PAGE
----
Nearly two-thirds (65 percent) of global employees support auto-enrolment in workplace pension plans, according to a new report from the Aegon Centre for Longevity and Retirement and the Transamerica Centre for Retirement Studies.

The concept is particularly appealing to women (64 per cent), those aged between 20 and 29 (67 per cent) and aspiring savers (58 per cent). These figures suggest “automatic enrolment could help to turn many potential future savers into actual savers,” Aegon points out.

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In Canada, 72 per cent of employees approve of auto-enrolment at six per cent of their salary. When asked about higher contributions of eight per cent, two-thirds of respondents still support it.

Currently, 38 per cent of workers around the world don’t have any retirement strategy, and 58 per cent don’t have a back-up strategy, such as critical illness insurance.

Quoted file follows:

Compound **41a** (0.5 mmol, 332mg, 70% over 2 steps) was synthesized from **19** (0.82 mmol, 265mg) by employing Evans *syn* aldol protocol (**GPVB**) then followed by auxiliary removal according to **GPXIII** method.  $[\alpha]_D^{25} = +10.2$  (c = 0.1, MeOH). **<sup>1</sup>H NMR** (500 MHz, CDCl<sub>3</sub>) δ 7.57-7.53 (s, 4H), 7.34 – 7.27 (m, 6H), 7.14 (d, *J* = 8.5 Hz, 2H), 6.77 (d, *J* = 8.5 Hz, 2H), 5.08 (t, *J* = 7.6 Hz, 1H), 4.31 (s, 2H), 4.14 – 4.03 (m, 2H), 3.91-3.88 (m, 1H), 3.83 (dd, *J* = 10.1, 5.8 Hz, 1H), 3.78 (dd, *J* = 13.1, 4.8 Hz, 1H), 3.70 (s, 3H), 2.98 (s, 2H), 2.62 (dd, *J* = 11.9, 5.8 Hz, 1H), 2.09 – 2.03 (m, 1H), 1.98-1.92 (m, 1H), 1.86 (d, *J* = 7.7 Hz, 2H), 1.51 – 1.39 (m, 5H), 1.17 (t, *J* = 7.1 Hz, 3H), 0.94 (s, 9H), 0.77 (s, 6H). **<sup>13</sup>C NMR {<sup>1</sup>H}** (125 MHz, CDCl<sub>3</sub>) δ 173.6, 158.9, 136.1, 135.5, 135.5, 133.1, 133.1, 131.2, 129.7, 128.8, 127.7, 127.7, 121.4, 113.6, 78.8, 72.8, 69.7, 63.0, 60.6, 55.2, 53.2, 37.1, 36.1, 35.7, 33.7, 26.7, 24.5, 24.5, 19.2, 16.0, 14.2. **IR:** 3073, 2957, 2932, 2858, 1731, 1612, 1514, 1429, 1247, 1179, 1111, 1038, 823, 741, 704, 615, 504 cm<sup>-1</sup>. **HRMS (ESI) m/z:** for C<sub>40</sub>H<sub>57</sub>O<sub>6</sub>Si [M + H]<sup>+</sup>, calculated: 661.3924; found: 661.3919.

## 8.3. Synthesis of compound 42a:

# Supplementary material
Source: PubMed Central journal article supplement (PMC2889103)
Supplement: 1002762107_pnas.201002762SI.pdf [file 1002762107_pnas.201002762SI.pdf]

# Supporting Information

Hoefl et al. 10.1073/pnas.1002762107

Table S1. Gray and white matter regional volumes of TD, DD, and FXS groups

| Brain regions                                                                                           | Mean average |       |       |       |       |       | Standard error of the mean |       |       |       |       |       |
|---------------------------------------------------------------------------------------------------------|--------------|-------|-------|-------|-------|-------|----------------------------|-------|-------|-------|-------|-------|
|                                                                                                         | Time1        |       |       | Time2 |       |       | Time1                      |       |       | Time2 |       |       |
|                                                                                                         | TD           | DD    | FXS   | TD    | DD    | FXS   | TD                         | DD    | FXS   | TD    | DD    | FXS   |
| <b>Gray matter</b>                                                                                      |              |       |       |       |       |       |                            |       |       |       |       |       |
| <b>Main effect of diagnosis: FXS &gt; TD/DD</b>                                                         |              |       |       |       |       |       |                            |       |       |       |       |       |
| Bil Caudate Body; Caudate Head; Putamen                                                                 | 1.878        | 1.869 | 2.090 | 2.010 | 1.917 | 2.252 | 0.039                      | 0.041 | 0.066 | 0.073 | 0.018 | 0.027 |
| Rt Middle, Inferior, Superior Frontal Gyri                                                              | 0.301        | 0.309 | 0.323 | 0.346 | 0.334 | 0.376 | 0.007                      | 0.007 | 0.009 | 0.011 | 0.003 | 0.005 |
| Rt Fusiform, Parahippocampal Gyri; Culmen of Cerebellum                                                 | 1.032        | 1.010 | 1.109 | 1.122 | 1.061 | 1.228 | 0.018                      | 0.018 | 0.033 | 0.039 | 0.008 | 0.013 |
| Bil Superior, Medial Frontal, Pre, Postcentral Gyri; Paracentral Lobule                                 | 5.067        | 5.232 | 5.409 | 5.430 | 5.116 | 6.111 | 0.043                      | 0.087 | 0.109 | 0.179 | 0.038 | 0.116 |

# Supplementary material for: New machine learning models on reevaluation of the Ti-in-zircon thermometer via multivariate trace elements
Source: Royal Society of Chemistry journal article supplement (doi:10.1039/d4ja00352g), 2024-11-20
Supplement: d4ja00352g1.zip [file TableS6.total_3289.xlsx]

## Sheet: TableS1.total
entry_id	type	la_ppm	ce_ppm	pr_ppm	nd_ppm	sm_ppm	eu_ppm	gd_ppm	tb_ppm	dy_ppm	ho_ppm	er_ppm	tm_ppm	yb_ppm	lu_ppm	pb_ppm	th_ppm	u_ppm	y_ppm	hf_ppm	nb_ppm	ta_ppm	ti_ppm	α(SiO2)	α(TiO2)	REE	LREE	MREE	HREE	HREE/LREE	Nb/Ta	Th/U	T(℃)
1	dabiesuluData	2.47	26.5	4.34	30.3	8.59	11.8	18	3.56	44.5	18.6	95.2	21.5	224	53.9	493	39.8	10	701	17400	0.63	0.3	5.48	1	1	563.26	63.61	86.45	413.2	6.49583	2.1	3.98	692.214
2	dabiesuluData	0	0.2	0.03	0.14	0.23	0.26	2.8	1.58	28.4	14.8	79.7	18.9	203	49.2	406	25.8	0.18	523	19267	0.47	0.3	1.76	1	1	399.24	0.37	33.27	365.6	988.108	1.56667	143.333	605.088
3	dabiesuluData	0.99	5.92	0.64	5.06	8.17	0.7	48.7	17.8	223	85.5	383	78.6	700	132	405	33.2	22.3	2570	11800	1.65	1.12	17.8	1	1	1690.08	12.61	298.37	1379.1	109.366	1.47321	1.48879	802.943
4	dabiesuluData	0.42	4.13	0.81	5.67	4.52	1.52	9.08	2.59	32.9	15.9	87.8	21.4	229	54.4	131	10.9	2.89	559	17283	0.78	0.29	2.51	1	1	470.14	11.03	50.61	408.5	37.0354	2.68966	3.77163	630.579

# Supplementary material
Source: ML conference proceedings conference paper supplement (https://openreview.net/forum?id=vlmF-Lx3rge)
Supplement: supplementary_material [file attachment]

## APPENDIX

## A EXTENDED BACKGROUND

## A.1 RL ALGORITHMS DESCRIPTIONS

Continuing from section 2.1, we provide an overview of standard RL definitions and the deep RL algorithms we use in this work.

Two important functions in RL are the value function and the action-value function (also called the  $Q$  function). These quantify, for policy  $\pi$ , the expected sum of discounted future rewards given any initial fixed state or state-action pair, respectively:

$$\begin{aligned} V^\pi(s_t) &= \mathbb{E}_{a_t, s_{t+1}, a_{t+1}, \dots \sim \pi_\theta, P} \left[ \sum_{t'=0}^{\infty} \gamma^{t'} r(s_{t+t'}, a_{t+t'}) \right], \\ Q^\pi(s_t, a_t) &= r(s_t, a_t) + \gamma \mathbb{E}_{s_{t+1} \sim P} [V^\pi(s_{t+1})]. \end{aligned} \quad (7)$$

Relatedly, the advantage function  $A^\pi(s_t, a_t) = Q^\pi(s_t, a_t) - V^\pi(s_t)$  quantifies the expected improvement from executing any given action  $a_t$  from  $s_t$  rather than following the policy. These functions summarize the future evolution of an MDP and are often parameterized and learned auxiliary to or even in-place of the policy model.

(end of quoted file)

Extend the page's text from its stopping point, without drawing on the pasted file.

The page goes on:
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And, while workers are saving more today than they did in 2012, when the research was last conducted, respondents feel less personally responsible for financing their retirements, according to the survey. Canadian respondents believe the government should provide 40 per cent of retirement income, employer pensions should cover 26 per cent, and personal savings should fill in the remaining 34 per cent.

Aegon points out, however, that relying on government support isn’t always feasible, especially as lifespans increase and retirement ages do not. “In 2016, the new government in Canada indicated its intention to follow suit by reducing Canada’s retirement age,” Aegon wrote in the report.

“In contrast, the Dutch government has been increasing the age at which government retirement benefits will be paid from 65 to 66 in 2018 and 67 in 2021. As a consequence, the mean age at which Dutch workers expect to retire is now 67 compared to a global mean of 63 in the 15 countries [surveyed].”

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